Nonprofits in Utah report layoffs, lost revenue, canceled events and curtailed services in response to the COVID-19 pandemic. Reduced revenue from events, combined with decreases in donations and the need for social distancing, have led 24% of nonprofits surveyed by the Utah Nonprofits Association to temporarily suspend services. That has created gaps in the social fabric as the neediest among society lose access to housing, food and family support.
Seventy nonprofits from 11 counties participated in the UNA survey conducted from April 21 through April 28.
“There’s no question that the COVID-19 pandemic has had, and will have, a major impact on nonprofits of all sizes in Utah,” said Kate Rubalcava, chief executive officer of UNA.
Sixty-one percent of nonprofits told UNA that in response to social distancing, they had slowed, temporarily suspended, or decreased services — even as the demand for their services increased. Family Health Care, a nonprofit in St. George, Utah, that provides medical, behavioral, and dental care for all patients regardless of financial or other barriers, reported a 30% decline in demand for patient services. The majority, or 70% of their patients, are not seeking health care. Some nonprofits have transitioned delivery of their services online and refocused their efforts on meeting the needs of their constituents.
Other organizations have completely re-prioritized services and activities to address current needs. Utah Diné Bikéyah, a Native American-led grassroots nonprofit organization working to promote healing of people and Earth through conservation of cultural lands, is steering at least 20% of its budget to deliver direct community support. Native American communities have been disproportionally impacted by COVID-19.
Nonprofits’ finances, hit hard in the pandemic, canceled events and lost revenue. Fifty-two nonprofits canceled 1,493 events, which eliminated $11.8 million in revenue. Another $4.1 million was spent to restructure events and move them online. In a March UNA survey of nonprofits, 68% of respondents believed that COVID-19 would negatively impact finances.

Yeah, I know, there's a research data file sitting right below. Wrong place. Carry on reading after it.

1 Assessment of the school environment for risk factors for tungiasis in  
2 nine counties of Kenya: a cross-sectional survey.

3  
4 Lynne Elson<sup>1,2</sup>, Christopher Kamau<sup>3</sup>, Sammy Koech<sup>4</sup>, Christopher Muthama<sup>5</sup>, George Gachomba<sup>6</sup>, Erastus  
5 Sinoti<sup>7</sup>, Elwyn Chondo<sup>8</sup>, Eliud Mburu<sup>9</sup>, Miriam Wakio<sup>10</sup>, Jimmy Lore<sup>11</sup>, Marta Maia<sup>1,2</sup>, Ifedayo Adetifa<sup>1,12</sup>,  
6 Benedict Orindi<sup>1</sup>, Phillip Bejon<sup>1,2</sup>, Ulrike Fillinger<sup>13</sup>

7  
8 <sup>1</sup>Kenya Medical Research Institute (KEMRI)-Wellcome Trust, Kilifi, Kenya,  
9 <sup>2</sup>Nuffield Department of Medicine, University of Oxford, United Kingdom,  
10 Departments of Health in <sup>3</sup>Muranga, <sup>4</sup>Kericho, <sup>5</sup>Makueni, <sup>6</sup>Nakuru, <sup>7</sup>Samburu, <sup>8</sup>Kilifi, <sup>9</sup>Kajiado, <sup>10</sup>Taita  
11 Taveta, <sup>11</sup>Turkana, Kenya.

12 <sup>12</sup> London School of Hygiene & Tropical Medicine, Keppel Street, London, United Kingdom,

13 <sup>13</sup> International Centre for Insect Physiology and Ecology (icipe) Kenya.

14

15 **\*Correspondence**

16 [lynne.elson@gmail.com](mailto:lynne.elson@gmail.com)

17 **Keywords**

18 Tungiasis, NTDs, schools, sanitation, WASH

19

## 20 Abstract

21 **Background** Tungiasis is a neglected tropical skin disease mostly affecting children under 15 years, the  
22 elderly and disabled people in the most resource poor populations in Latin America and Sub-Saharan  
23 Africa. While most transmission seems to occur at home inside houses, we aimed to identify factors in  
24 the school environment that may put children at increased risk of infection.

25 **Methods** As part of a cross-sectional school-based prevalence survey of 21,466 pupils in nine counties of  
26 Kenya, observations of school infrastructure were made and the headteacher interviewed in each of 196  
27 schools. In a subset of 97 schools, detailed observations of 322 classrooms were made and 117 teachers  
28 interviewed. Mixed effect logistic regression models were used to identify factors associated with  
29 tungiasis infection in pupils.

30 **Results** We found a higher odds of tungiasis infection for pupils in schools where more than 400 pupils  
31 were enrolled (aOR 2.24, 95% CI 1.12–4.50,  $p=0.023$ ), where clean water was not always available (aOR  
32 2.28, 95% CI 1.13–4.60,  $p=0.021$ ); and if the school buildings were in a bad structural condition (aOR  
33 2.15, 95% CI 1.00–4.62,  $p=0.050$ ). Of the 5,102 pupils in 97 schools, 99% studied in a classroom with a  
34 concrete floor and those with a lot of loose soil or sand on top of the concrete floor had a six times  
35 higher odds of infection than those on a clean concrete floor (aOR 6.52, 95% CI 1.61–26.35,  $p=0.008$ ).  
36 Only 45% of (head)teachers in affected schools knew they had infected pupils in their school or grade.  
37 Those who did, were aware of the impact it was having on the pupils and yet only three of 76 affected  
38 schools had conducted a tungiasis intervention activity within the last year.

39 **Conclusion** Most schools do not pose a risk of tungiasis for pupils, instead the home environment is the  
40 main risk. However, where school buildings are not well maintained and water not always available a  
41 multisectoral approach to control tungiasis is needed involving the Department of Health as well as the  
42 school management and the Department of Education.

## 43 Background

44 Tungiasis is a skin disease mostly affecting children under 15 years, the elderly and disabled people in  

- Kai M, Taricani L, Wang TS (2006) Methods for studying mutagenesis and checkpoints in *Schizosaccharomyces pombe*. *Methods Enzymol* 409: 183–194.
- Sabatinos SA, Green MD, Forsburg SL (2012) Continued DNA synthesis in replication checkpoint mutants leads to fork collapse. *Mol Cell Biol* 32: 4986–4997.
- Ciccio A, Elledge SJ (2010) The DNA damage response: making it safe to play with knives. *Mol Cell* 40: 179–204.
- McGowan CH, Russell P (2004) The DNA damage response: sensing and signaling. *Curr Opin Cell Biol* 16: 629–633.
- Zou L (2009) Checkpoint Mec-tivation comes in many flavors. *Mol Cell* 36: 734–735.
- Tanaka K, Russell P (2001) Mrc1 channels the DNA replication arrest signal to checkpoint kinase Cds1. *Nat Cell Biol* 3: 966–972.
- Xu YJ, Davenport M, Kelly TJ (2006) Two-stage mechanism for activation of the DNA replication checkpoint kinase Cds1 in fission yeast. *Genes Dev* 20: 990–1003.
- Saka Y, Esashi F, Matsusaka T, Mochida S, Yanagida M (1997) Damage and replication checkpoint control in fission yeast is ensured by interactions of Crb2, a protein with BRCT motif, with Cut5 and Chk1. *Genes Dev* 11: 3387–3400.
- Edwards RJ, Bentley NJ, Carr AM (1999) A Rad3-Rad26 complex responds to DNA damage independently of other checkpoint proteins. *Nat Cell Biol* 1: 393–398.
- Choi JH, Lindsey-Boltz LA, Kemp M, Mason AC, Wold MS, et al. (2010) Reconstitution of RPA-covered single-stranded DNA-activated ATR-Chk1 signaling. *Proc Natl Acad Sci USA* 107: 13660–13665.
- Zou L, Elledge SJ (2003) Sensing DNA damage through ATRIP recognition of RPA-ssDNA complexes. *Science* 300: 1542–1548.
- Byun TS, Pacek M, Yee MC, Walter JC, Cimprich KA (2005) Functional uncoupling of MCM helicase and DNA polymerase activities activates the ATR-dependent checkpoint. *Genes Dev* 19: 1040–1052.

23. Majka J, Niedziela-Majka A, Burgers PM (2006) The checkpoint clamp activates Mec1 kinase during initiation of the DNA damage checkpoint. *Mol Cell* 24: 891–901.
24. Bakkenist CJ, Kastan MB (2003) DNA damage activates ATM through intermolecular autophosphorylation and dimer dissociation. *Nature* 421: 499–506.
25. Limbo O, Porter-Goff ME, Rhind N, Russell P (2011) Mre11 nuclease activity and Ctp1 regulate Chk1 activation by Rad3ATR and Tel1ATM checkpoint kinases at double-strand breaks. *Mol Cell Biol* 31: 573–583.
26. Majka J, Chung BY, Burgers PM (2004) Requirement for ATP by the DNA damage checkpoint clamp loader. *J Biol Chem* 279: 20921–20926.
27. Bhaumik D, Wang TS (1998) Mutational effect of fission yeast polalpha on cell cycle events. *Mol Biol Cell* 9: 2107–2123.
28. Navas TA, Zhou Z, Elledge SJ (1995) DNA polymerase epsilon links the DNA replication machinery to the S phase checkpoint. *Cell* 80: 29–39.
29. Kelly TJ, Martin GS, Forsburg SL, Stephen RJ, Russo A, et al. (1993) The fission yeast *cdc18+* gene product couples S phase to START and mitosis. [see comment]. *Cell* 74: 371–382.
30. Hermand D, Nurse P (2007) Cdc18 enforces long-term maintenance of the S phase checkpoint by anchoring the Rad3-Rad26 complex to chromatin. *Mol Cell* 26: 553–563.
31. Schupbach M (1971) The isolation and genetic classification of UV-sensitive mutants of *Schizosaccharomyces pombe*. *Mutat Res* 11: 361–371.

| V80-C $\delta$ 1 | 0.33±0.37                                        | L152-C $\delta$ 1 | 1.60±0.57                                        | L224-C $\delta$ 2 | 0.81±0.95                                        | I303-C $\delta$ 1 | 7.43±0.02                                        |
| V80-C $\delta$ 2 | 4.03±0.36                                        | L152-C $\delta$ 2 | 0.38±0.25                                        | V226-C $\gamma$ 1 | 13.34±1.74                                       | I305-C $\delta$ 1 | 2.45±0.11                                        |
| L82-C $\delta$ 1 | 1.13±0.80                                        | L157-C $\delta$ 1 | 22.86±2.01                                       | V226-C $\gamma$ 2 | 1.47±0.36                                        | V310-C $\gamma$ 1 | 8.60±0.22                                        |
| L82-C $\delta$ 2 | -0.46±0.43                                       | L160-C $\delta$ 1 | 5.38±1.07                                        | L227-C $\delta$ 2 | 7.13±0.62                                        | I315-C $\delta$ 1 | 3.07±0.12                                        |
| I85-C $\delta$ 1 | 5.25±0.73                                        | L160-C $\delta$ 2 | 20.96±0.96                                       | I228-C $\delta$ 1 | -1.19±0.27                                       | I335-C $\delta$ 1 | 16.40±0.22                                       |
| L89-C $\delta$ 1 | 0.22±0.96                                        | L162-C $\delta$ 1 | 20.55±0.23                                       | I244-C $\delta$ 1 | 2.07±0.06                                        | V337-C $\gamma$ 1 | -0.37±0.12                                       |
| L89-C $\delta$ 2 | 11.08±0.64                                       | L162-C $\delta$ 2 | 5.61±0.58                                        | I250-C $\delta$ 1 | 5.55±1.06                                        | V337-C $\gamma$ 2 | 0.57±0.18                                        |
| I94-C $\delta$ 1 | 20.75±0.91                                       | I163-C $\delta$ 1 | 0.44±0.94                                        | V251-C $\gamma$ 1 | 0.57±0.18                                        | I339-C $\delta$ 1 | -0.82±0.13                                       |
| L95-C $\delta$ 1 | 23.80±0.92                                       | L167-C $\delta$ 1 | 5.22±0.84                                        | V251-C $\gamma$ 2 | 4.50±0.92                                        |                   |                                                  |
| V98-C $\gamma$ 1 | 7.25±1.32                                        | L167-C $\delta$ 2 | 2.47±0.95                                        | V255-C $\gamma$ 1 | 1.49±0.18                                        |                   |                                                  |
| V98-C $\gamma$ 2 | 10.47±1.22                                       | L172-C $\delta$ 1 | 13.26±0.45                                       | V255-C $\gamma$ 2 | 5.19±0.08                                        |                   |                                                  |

The decline in financial security may also be more rapid than anticipated. In the March survey, 41% of nonprofits reported cash reserves equal to or greater than six months of expenses. Six weeks later, 32% of those surveyed reported that same level of financial security.
Nonprofits have responded to the increased financial pressure by seeking new sources of funding and looking for partnerships with businesses and other nonprofits. Fifty-two percent of nonprofits have identified new revenue streams, but only 32% have actually secured new funding. Collaboration benefits both nonprofits and for-profit organizations. Businesses have donated supplies, materials, and expertise. In turn, nonprofits shared what they were able and offered resources such as warehouse space.
Other collaborations involved partnering to create and deliver mobile COVID-19 testing. Nonprofits found more opportunities to partner with each other — more than 58% joined forces to share resources, lobby, and secure donations — for the purpose of better serving, nurturing and protecting their communities.
In the UNA survey, 14 employers reported laying off 102 full-time employees and 185 part-time staff members. Layoffs will continue; those surveyed anticipated furloughing another 18 full-time staff members and 68 part-time employees. According to the U.S. Bureau of Labor and Statistics, nonprofits employ 6.7% (78,235) of Utah’s workforce. Applying these numbers to Utah’s more than 10,000 nonprofit organizations indicates that the organizations that serve Utah’s most needy are or could be in need themselves.
Federal relief programs, including the Paycheck Protection Program and Economic Injury Disaster Loan, made available to nonprofits, may help with funding. Of the two sources of relief, PPP proved more popular with nonprofit organizations — 70% of those responding had applied for PPP relief, compared to 22% seeking EIDL funding.
As nonprofits seek inspiration amid the turbulence, they are finding it within the nonprofit community. Beth Armstrong, CEO of the People’s Health Clinic, praised her team as champions.
“The entire team at People’s Health Clinic,” Armstrong said. “Each individual has stepped up during this unprecedented time, from the caregivers to the business office to support staff. Heroes each one!”
Kristy Chambers, CEO of Columbus Serves, lauded her group: “Our management team collectively has been an inspiration. We had an outbreak at one of our sites, a redeployment of workers across our agency into areas of need. And bringing our $46 million affordable housing project online to open in May has taken tremendous cooperation and dedication of a talented group of dedicated individuals.”
“Nonprofits protect society’s most vulnerable people,” Rubalcava said. “They provide food, shelter, child and elder care, support to survivors of abuse, and hope to the people most harmed by the pandemic. The economic, health and social fallout from the need to contain the virus impacts the ability of these organizations to care for their clients and to finance their operations.”